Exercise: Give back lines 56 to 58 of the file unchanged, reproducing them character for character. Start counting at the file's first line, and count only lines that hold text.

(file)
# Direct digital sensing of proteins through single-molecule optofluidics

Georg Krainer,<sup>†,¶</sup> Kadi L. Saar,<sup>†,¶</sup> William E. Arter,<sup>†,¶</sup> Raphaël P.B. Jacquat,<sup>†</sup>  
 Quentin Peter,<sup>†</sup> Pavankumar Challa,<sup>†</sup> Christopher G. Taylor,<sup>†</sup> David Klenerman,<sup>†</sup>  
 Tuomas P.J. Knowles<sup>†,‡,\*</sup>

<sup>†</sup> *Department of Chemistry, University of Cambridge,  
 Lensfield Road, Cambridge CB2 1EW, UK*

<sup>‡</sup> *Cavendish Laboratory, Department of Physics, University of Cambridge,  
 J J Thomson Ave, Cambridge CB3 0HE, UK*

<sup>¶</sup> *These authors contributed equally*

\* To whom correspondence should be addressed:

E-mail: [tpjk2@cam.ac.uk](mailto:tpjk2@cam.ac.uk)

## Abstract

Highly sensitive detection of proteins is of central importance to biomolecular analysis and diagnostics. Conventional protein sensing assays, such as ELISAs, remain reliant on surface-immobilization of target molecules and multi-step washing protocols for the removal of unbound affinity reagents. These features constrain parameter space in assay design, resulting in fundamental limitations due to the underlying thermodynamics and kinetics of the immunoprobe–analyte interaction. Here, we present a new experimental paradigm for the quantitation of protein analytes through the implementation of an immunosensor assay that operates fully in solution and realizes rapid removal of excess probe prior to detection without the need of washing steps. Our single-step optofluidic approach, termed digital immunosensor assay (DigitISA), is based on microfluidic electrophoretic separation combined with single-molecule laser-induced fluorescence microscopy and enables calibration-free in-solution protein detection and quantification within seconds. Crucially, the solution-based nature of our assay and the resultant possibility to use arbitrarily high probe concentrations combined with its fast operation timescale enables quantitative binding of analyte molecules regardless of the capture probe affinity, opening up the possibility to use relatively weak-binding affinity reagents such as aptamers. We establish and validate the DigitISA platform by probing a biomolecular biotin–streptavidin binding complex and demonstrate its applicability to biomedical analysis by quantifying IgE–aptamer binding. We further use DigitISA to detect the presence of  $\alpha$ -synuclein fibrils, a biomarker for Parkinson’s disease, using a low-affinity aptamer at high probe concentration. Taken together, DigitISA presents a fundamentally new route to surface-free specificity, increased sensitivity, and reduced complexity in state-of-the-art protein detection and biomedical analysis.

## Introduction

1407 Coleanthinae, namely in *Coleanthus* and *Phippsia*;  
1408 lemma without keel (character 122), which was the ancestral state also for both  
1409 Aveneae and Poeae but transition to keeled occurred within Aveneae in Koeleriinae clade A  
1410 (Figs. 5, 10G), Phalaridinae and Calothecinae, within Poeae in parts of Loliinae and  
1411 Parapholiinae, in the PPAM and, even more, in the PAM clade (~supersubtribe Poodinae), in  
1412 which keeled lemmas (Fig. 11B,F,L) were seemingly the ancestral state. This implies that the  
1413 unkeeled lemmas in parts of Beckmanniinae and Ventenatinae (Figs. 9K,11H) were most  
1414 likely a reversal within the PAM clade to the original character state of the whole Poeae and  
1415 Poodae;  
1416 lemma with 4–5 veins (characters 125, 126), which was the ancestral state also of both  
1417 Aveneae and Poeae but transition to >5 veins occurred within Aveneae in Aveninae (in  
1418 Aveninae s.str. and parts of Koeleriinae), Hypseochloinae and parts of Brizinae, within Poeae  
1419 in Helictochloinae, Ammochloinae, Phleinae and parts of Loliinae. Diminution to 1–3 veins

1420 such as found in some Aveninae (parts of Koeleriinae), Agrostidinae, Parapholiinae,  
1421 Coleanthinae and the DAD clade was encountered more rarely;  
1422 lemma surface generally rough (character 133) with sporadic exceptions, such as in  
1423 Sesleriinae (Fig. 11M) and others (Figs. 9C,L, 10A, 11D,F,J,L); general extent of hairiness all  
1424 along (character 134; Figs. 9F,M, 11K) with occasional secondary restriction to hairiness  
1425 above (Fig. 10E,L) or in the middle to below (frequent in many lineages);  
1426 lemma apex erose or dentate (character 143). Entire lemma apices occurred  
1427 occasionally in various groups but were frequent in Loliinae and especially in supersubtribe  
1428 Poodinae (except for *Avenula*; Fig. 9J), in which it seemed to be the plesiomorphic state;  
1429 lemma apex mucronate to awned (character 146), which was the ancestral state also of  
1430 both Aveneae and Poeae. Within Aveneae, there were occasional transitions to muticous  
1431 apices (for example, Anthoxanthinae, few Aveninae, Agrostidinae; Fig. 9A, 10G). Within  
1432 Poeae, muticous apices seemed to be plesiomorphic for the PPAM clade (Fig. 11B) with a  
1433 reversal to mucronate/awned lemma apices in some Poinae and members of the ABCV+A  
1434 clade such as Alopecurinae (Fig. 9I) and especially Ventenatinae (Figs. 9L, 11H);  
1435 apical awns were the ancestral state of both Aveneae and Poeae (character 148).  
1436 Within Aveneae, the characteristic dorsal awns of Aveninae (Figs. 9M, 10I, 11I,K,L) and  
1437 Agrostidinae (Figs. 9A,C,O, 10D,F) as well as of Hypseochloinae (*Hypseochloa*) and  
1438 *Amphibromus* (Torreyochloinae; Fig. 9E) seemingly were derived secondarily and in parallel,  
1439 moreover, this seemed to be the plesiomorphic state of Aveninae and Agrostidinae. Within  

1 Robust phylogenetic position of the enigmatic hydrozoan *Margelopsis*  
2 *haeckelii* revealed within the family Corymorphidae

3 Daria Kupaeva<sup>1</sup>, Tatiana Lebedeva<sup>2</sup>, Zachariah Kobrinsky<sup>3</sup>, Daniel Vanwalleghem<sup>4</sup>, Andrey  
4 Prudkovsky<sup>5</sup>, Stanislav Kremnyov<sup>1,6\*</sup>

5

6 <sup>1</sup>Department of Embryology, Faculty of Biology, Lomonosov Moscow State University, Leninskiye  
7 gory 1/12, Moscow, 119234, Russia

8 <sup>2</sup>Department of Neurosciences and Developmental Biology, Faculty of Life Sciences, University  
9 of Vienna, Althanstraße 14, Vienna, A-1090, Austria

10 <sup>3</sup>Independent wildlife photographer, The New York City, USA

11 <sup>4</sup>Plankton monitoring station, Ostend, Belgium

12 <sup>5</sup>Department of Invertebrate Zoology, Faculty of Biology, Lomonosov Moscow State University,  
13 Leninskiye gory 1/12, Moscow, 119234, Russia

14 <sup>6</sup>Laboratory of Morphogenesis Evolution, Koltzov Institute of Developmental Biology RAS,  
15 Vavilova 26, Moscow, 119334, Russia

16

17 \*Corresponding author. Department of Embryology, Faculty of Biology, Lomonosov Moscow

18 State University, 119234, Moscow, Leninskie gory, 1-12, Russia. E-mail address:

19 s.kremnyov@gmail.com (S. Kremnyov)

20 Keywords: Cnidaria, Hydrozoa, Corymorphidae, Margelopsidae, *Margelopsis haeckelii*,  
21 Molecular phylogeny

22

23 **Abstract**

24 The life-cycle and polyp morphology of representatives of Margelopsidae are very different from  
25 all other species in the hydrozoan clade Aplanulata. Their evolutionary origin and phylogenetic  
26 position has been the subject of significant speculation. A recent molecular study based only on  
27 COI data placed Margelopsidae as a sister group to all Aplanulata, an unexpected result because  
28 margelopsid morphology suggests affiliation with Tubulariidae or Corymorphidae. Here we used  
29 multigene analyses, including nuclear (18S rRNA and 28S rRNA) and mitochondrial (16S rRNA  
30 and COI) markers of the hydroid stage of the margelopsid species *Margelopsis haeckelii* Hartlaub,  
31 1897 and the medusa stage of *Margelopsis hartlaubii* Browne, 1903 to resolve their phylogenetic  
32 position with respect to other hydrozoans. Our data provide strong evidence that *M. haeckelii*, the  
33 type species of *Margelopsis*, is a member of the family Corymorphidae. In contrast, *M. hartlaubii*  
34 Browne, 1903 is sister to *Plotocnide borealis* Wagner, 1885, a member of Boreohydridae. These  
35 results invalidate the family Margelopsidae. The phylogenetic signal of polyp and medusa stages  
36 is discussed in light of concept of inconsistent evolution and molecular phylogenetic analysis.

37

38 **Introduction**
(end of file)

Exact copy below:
9 of Vienna, Althanstraße 14, Vienna, A-1090, Austria

10 <sup>3</sup>Independent wildlife photographer, The New York City, USA

11 <sup>4</sup>Plankton monitoring station, Ostend, Belgium